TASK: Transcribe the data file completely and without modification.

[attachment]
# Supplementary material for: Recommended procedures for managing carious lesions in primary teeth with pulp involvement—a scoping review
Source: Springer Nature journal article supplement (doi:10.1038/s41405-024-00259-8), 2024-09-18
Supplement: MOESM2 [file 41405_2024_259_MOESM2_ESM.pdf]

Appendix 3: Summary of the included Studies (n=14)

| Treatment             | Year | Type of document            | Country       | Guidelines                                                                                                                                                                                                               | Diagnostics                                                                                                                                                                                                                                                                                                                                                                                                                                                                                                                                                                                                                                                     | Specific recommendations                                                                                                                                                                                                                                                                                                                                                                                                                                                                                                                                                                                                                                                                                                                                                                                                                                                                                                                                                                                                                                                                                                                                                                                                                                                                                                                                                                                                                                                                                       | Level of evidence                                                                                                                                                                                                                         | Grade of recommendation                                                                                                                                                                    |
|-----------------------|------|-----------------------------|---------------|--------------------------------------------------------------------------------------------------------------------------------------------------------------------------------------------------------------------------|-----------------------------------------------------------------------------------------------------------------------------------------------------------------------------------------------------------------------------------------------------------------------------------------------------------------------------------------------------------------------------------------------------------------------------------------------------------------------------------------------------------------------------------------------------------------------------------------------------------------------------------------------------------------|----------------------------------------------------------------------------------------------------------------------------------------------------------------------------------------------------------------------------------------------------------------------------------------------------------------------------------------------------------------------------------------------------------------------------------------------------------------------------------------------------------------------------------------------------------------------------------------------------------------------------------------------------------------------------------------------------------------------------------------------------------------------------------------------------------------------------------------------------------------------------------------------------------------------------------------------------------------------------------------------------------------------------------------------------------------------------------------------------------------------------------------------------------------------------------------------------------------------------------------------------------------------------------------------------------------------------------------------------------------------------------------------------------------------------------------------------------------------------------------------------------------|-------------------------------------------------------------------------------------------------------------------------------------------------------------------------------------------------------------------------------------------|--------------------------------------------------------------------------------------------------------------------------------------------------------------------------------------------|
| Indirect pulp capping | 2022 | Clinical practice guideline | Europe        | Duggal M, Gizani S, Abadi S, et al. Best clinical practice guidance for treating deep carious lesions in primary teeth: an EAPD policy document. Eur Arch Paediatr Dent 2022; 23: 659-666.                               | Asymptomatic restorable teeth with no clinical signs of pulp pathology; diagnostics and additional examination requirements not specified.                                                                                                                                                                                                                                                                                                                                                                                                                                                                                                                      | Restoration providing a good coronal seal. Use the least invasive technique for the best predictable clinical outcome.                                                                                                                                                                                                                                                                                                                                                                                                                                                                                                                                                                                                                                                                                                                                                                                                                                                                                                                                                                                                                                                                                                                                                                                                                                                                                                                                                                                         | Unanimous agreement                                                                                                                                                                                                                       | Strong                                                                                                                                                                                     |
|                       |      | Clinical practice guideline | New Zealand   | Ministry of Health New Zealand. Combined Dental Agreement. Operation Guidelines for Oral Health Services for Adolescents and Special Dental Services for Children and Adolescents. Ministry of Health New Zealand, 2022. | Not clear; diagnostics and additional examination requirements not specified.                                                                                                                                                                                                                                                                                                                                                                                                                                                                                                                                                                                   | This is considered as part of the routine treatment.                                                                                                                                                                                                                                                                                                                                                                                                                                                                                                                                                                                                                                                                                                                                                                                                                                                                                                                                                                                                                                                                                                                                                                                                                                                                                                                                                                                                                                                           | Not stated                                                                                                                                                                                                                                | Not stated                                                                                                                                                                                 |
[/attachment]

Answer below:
# Supplementary material for: Recommended procedures for managing carious lesions in primary teeth with pulp involvement—a scoping review
Source: Springer Nature journal article supplement (doi:10.1038/s41405-024-00259-8), 2024-09-18
Supplement: MOESM2 [file 41405_2024_259_MOESM2_ESM.pdf]

Appendix 3: Summary of the included Studies (n=14)

| Treatment             | Year | Type of document            | Country       | Guidelines                                                                                                                                                                                                               | Diagnostics                                                                                                                                                                                                                                                                                                                                                                                                                                                                                                                                                                                                                                                     | Specific recommendations                                                                                                                                                                                                                                                                                                                                                                                                                                                                                                                                                                                                                                                                                                                                                                                                                                                                                                                                                                                                                                                                                                                                                                                                                                                                                                                                                                                                                                                                                       | Level of evidence                                                                                                                                                                                                                         | Grade of recommendation                                                                                                                                                                    |
|-----------------------|------|-----------------------------|---------------|--------------------------------------------------------------------------------------------------------------------------------------------------------------------------------------------------------------------------|-----------------------------------------------------------------------------------------------------------------------------------------------------------------------------------------------------------------------------------------------------------------------------------------------------------------------------------------------------------------------------------------------------------------------------------------------------------------------------------------------------------------------------------------------------------------------------------------------------------------------------------------------------------------|----------------------------------------------------------------------------------------------------------------------------------------------------------------------------------------------------------------------------------------------------------------------------------------------------------------------------------------------------------------------------------------------------------------------------------------------------------------------------------------------------------------------------------------------------------------------------------------------------------------------------------------------------------------------------------------------------------------------------------------------------------------------------------------------------------------------------------------------------------------------------------------------------------------------------------------------------------------------------------------------------------------------------------------------------------------------------------------------------------------------------------------------------------------------------------------------------------------------------------------------------------------------------------------------------------------------------------------------------------------------------------------------------------------------------------------------------------------------------------------------------------------|-------------------------------------------------------------------------------------------------------------------------------------------------------------------------------------------------------------------------------------------|--------------------------------------------------------------------------------------------------------------------------------------------------------------------------------------------|
| Indirect pulp capping | 2022 | Clinical practice guideline | Europe        | Duggal M, Gizani S, Abadi S, et al. Best clinical practice guidance for treating deep carious lesions in primary teeth: an EAPD policy document. Eur Arch Paediatr Dent 2022; 23: 659-666.                               | Asymptomatic restorable teeth with no clinical signs of pulp pathology; diagnostics and additional examination requirements not specified.                                                                                                                                                                                                                                                                                                                                                                                                                                                                                                                      | Restoration providing a good coronal seal. Use the least invasive technique for the best predictable clinical outcome.                                                                                                                                                                                                                                                                                                                                                                                                                                                                                                                                                                                                                                                                                                                                                                                                                                                                                                                                                                                                                                                                                                                                                                                                                                                                                                                                                                                         | Unanimous agreement                                                                                                                                                                                                                       | Strong                                                                                                                                                                                     |
|                       |      | Clinical practice guideline | New Zealand   | Ministry of Health New Zealand. Combined Dental Agreement. Operation Guidelines for Oral Health Services for Adolescents and Special Dental Services for Children and Adolescents. Ministry of Health New Zealand, 2022. | Not clear; diagnostics and additional examination requirements not specified.                                                                                                                                                                                                                                                                                                                                                                                                                                                                                                                                                                                   | This is considered as part of the routine treatment.                                                                                                                                                                                                                                                                                                                                                                                                                                                                                                                                                                                                                                                                                                                                                                                                                                                                                                                                                                                                                                                                                                                                                                                                                                                                                                                                                                                                                                                           | Not stated                                                                                                                                                                                                                                | Not stated                                                                                                                                                                                 |